What can be expected from David Njoku for the rest of the season?

(AP Photo/Ron Schwane)

Who exactly are the 2018 Cleveland Browns? That question is still yet to be answered through seven games this season. The defense has played well above average and the offense is yet to find an identity.

The offense was beginning to find a groove until the Browns abruptly traded Carlos Hyde to the Jacksonville Jaguars for a fifth-round pick. Now, it seems like the Browns are shuffling to get the right amount of touches for Nick Chubb and Duke Johnson.

Before the Hyde trade, Todd Haley seemed to not have an answer on how they wanted to get Chubb and Johnson involved. When the Browns signed Hyde, it was clear that he was just going to be on the team for the 2018 season, despite signing a contract for three years. That idea became concrete once the Browns extended Johnson and drafted Chubb with the 35th pick.

It is fair to say that the Browns have yet to figure out how to make Jarvis Landry a complete NFL receiver. Antonio Callaway, on the other hand, seems to have the rookie yips, as he is stepped into an important role as the team’s number two receiver.

The biggest question mark of them all is David Njoku. Let’s make one thing clear, this is not a bad thing. The Browns truly do not know what they have in the second year tight end, as he has shown glimpses of improving as the season goes on.

In his rookie season, Njoku had below average production. He was targeted 60 times, hauling in 32 receptions for 386 receiving yards and four touchdowns. He had a drop percentage of 7.0, which was actually middle of the pack among all tight ends in the NFL. For comparison sake, Travis Kelce (7.4%), Jimmy Graham (10.3%), and Austin Hooper (10.5%) all finished with worse drop rates than Njoku in 2017.

Heading into this season, I said that it should be expected that Njoku leads the team in receiving touchdowns for the 2018 season. As of right now, that stands true. Njoku and Landry are tied for the lead with two touchdowns this year. Through seven games, Njoku has 52 targets, 31 receptions, and two touchdowns this season. His targets and receptions in 2018 nearly replicate last year’s totals in 2017 and that means there is progress. However, he has recorded 89 fewer yards on one extra reception compared to last year.

So what can exactly be expected from Njoku for the rest of the season?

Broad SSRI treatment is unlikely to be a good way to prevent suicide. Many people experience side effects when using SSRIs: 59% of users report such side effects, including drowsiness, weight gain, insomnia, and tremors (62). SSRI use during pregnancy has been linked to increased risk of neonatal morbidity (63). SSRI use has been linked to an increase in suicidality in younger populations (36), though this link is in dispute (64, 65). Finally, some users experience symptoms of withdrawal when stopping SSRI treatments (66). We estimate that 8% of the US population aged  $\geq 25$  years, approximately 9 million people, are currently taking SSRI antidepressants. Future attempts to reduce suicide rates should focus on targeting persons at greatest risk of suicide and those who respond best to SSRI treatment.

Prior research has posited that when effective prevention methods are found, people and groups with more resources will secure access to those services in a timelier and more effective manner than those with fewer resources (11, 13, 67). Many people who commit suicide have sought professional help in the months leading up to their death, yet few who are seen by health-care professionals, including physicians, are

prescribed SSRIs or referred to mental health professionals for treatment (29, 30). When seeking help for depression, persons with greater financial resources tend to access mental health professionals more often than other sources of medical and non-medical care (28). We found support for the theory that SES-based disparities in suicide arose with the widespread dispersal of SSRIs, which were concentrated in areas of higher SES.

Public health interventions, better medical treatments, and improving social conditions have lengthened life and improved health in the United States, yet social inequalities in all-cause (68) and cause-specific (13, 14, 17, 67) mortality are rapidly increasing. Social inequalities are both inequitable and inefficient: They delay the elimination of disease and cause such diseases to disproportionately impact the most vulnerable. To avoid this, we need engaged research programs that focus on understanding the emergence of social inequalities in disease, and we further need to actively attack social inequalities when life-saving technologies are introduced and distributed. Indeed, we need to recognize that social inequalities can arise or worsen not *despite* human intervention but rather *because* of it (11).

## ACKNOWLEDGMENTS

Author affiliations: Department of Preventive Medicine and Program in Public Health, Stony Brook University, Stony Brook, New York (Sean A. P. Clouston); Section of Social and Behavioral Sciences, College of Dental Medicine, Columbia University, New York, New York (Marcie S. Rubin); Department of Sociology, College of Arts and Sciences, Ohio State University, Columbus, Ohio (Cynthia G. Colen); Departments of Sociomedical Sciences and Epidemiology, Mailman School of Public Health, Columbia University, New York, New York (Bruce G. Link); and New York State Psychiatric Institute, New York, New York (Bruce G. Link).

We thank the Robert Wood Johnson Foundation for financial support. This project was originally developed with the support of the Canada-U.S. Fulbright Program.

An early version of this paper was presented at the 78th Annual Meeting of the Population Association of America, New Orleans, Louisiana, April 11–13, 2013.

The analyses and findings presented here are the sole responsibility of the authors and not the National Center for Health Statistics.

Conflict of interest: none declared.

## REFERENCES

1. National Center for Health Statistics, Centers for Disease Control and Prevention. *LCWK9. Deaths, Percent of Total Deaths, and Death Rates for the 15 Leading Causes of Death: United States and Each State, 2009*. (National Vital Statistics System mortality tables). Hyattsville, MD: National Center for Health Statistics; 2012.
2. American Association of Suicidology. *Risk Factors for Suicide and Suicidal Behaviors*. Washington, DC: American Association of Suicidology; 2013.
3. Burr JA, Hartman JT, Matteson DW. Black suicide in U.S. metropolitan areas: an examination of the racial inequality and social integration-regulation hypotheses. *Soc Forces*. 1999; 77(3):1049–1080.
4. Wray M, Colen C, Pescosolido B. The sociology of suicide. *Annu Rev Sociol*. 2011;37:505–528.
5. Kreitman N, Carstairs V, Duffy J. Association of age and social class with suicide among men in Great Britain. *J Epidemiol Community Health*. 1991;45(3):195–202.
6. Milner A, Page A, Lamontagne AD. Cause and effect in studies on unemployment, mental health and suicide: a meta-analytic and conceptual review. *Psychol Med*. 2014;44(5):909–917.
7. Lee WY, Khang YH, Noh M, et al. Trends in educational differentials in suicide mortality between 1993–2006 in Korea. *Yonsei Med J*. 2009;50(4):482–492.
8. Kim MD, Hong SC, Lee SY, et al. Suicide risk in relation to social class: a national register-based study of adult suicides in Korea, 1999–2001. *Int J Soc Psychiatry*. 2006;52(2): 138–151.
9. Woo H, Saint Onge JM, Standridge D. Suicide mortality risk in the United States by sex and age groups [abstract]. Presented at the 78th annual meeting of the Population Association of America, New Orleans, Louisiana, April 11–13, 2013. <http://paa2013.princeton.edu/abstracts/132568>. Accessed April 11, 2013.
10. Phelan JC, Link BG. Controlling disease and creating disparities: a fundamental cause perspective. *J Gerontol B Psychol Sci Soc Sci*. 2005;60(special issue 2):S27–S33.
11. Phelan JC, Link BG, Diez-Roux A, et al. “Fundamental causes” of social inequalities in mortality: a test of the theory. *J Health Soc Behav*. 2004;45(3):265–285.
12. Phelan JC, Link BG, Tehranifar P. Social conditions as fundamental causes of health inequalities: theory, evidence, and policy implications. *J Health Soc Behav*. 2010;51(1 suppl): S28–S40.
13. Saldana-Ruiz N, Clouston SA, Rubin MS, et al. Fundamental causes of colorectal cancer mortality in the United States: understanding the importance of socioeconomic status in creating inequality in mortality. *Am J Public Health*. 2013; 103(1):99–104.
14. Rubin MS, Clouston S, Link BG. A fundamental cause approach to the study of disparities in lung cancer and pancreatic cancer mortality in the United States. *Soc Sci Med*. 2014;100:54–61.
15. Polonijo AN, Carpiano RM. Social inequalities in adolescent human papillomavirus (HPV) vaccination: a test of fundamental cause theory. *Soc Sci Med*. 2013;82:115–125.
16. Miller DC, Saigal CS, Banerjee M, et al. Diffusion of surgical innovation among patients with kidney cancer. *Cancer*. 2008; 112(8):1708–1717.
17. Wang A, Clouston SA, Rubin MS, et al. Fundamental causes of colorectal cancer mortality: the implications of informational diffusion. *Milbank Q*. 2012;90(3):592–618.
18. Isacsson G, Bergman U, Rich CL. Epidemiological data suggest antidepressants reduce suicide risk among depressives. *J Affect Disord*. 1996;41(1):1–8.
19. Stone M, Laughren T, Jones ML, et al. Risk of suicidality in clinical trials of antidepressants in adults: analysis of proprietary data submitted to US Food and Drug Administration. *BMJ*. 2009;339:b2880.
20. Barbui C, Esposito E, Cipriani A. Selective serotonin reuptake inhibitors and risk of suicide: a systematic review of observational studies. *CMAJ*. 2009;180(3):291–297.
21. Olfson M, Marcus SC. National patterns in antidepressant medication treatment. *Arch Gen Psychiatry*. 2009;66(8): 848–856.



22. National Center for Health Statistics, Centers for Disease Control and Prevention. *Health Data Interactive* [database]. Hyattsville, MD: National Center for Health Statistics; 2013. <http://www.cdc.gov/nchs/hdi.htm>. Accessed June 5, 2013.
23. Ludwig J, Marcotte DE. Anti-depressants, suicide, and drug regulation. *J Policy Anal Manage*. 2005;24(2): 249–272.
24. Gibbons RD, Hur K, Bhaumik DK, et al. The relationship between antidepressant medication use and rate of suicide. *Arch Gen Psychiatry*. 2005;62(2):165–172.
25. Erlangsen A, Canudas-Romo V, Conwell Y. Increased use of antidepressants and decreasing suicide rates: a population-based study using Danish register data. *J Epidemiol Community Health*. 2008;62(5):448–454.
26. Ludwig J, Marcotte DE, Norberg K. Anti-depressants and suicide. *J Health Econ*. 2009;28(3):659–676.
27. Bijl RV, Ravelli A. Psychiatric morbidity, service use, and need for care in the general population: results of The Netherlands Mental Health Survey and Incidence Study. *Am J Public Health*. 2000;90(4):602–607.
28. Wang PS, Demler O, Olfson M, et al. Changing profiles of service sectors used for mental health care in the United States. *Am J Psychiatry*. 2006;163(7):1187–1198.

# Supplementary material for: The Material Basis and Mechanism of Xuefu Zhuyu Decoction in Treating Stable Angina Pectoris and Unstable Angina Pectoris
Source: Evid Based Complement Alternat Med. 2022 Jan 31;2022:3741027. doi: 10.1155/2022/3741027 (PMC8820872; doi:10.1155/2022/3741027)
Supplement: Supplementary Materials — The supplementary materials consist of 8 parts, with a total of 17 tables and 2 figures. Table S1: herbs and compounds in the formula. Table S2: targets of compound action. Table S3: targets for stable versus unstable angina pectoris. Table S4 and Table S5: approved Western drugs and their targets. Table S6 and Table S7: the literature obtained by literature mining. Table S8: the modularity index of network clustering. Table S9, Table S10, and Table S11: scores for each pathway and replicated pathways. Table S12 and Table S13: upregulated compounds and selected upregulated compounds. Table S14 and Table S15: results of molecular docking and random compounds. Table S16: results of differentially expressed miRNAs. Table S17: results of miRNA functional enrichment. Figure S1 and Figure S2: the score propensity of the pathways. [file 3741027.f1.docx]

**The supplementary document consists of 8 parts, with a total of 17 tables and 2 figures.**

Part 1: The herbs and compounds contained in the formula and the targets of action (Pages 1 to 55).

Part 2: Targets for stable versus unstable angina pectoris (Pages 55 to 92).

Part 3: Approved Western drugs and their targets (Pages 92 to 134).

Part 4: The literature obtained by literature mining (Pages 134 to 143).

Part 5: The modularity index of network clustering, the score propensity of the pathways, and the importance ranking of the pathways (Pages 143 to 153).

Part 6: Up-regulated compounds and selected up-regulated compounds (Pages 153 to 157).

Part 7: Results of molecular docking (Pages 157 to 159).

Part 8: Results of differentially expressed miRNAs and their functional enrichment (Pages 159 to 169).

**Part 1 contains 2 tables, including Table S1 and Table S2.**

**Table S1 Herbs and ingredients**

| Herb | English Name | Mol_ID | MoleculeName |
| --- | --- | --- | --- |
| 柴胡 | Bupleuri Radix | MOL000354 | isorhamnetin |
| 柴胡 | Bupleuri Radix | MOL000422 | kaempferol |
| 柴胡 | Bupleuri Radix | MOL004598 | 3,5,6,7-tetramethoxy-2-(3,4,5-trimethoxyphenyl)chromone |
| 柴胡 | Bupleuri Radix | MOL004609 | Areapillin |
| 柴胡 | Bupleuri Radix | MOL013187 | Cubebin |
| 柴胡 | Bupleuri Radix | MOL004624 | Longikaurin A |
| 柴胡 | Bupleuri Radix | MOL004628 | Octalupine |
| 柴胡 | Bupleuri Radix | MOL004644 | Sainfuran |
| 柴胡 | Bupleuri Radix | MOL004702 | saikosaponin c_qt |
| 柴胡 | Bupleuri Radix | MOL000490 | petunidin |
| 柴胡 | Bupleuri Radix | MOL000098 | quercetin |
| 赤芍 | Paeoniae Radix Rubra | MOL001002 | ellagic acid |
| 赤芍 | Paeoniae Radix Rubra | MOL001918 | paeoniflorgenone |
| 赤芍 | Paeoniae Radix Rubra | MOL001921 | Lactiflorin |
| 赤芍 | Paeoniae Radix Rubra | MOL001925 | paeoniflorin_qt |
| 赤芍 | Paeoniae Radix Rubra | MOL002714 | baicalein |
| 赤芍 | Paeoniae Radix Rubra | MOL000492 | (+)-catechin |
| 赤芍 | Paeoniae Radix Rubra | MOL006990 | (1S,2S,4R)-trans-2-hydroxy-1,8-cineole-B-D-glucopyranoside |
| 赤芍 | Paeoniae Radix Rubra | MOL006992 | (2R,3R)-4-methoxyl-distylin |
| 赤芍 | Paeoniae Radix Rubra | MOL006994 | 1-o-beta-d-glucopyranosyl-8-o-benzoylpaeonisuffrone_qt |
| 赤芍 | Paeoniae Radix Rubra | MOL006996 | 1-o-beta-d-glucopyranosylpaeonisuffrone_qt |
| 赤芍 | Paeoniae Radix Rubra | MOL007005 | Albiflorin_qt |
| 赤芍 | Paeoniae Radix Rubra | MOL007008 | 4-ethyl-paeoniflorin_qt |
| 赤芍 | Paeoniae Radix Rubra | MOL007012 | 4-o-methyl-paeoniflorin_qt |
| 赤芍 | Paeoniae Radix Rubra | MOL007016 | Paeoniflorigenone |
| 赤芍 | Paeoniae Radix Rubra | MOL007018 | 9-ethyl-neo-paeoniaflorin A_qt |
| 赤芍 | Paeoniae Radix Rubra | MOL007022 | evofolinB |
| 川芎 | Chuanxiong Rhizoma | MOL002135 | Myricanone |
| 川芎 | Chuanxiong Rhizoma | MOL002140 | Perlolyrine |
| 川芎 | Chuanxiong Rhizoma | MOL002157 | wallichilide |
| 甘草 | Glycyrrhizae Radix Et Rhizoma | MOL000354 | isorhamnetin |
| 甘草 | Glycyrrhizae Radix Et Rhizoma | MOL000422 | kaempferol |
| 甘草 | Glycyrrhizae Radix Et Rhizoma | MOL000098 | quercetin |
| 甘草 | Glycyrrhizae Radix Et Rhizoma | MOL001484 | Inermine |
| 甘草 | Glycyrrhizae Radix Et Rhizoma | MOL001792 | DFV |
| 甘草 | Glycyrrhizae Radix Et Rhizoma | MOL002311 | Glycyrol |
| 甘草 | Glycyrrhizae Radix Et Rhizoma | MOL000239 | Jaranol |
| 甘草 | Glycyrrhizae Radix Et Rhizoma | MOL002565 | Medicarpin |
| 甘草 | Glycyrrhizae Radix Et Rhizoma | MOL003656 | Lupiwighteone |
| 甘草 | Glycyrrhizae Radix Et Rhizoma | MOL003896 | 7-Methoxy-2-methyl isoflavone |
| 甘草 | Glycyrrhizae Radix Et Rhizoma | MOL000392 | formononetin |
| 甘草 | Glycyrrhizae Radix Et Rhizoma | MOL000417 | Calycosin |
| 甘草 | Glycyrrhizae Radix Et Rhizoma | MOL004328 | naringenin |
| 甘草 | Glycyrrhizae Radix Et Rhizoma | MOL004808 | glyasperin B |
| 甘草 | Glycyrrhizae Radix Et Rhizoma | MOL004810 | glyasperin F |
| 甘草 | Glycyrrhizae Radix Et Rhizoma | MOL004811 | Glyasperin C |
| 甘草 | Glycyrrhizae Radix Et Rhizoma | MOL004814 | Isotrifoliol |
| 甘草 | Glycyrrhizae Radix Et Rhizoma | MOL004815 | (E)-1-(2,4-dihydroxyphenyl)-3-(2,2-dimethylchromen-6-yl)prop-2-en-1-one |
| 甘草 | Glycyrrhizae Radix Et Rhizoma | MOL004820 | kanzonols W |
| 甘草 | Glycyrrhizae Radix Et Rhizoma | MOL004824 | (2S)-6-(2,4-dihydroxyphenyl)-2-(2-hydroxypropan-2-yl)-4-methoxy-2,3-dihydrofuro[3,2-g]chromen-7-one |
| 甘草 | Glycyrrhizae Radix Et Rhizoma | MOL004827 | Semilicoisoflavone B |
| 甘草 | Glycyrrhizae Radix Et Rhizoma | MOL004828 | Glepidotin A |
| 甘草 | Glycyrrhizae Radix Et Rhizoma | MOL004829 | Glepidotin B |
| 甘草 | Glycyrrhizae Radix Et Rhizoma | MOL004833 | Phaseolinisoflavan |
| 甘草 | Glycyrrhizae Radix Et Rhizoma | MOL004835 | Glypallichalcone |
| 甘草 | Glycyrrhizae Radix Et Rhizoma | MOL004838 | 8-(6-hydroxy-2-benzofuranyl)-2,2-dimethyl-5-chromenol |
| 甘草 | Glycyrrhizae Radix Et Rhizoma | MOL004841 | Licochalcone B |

Well, Njoku is fifth in the NFL in targets among tight ends and seventh in receptions. When the Browns drafted Njoku in the first round, they likely imagined him being in this category with Zach Ertz, Kelce, Hooper, etc. He is clearly becoming one of the most valuable assets to the offense, hopefully continuing to develop to a true top pass catcher in the NFL.

Despite the numbers, Pro Football Focus has Njoku graded as their 69th worst tight end on the NFL with an offensive grade of 57.2. In addition, his receiving grade of 54.3 is 78th worst. Unfortunately, it only gets worse as you dig deeper into his numbers. His drop grade of 29.4 is the worst in the NFL among all tight ends with 15 or more receptions; among pass catchers in general, the only players worst than Njoku are Antonio Callaway and Michael Crabtree. Njoku’s drop percentage backs up his poor drop grade. He has dropped 17.5 percent of his passes which is worst in the NFL among tight ends with 15 or more receptions.  

For a rookie quarterback, a tight end is his best friend. Even despite his continues drops, Baker Mayfield continues to trust Njoku. Following a brutal drop on third down early against the Buccaneers, Mayfield found Njoku in the corner of the end zone for a touchdown later in the game.

There has been plenty of ups and downs from the Browns over the last two seasons, and Njoku has certainly had plenty of ups and downs as well. He cannot yet be declared one of the NFL’s best and he cannot yet be declared a bust. What Njoku is right now is a middle of the pack tight end who continues to improve.

In this week against the Pittsburgh Steelers, Njoku has a perfect opportunity to start shifting his status more towards being a Pro Bowl pass catcher. In terms of fantasy football, the Steelers have allowed the third most points against tight ends this season. The only two teams in front of the Steelers are the Ravens and Bengals. Njoku finished with six receptions for 69 yards against the Ravens. In Week 1 against the Steelers, he only recorded three receptions for 13-yards.

With a crucial game against the Steelers this week, it is crucial that Njoku becomes a big reason why the Browns potentially win on Sunday, and not the reason they don’t.